When should a Christian call for the Elders to pray for him? What did James mean by these words? In order to answer this question we will have to consider the larger issue - How should a Christian respond to sickness, illness, and disease? This is a very sensitive issue, but a very practical and important one.
There are two extreme positions held by Christians. On the one hand, there are those who believe that it is not God's will for Christians to be sick at all; that Christ bore all our diseases in his death on the cross; and therefore, if we have enough faith, God will heal us of all our sicknesses now. Other Christians treat illness in purely physical terms. You go to the doctor, get your prescription filled, and eventually get well. They would not think of calling for the Elders, or even praying about it unless it were something serious.
"Where there is no vision, the people are unrestrained, but happy is he who keeps the law." (Proverbs 29:18)
This proverb is clear enough, once we understand what Solomon meant by "vision;" The parallelism in this verse gives us the answer. Hebrew poetry is often comprised of couplets of sentences which clarify or contradict each other. In this verse "vision" parallels "law." In the Old Testament a yision was a means of divine revelation. The "law" was the divine revelation. So the proverb means: without a direct revelation from God concerning his will for us now and in the future, a people, nation, community or society will be unrestrained and ungovernable, and will perish. A society cannot maintain order, peace and prosperity unless it is founded on the revelation of God's will in his 'law," whether that society is a family, church or nation.
Dear Ken Gentry,
I am unrepentant about my view of Gospel Greek, as I do not think I wrote of it 'contemptuously' but simply said that Koine had not the denotative accuracy of literary Greek; nor would one compare the Latin of the Jerome Bible with the Latin of Terence for clarity and fullness of meaning, any more than one might say that Henry James's English has an equal literary value with, say, Jack Kerouac's.
Nor did I say that Jesus rejected the OT itself, but, rather, that he rejected the 'way of the Law', the nit-picking legalism of the pharisaical tradition.
We now know the name of the American philosopher who helped President George Bush clarify his "new" position on firearms. A very reliable congressional source reports on a White House meeting where Bush said it was Jesse Jackson who helped him see the need to do something about "these guns." Bush ran on a pro-gun ticket a few months ago. Now his position on firearms is closer to the position of kinder and gentler New Age thinkers such as Ann Landers, who is on the board of Hand Gun Control, Inc. Barbara Bush, the new Rosalyn Carter, denies she had a hand in changing George's mind.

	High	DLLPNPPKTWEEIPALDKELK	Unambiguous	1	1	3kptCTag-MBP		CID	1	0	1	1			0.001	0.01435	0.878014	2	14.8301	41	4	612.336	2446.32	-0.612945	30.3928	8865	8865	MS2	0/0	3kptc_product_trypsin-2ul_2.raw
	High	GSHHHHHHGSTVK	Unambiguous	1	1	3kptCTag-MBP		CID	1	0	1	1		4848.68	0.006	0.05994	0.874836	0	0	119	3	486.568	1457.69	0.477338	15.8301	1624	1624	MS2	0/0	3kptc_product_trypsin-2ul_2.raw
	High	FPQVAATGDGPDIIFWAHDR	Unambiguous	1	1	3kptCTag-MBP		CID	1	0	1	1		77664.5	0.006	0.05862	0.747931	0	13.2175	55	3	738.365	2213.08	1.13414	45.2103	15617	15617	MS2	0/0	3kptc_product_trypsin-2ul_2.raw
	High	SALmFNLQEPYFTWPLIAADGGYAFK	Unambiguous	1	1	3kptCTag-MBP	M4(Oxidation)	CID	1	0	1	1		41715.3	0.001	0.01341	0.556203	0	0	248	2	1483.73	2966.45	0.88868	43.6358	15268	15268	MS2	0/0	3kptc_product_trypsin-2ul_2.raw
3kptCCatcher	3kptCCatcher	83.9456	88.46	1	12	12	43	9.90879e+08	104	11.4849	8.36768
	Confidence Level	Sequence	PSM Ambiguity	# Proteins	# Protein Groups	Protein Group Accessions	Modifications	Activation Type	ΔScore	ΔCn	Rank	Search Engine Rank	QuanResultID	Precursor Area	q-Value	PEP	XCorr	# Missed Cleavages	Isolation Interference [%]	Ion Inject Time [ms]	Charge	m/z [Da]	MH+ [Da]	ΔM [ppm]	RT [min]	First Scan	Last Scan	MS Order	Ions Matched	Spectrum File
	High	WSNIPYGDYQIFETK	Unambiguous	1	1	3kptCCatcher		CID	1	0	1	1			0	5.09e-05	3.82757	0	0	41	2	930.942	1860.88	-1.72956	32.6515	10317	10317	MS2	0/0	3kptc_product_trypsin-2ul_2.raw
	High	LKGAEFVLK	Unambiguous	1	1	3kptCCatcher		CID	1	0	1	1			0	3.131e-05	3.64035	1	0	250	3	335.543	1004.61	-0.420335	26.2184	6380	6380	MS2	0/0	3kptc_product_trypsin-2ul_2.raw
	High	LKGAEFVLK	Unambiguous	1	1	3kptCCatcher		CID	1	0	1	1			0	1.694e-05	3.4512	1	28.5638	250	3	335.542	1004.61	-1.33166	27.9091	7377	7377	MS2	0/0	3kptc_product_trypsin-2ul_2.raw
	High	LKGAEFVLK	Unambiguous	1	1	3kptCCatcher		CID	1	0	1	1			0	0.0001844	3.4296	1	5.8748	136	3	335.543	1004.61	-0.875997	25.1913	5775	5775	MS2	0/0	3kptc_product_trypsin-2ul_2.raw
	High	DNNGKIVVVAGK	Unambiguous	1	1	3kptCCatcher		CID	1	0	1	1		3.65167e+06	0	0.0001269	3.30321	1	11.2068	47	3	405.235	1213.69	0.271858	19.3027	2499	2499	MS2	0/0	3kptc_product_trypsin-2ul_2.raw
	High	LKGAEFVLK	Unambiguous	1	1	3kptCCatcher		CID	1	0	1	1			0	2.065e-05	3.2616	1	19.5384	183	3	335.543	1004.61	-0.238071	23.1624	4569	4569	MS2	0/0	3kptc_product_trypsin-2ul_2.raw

Therefore let us notice that it was God's will that false prophets should be rooted out from among his people. Now at first sight this Law seems overly strict. Is it fitting that a man should be punished so severely for speaking his mind? Isn't it a wonder that we can tolerate that someone be punished for speaking against a mortal man, yet find it in our hearts to let a man escape unpunished who has blasphemed the living God?
The subject of this paper is one of the deepest importance to our souls. That subject is the work of God the Holy Ghost. The solemn words of the text which heads this page demand the attention of all who believe the· Scriptures to be the living voice of God. "If any man have not the Spirit of Christ, he is NONE OF HIS."
It is probable that most of those into whose hands this paper will fall, have been baptized. And in what name were you baptized? It was "In the name of the Father, and of the Son, and of the Holy Ghost."
Blackboard Blackmail, by Suzanne Clark. Footstool Publications, 1988, P.O. Box 161021, Memphis, IN. 38186, $8.95. 218 pp. with index. Reviewed by the Rev. Byron Snapp, Headmaster of the Covenant Christian School in Cedar Bluff, Virginia.
Vanishing Manhood in America, by Weldon M. Hardenbrook, Thomas Nelson, Publishers. Reviewed by David E. Rockett, Financial Planner and Elder at the Covenant Presbyterian Church (PCA) in Forest, Mississippi.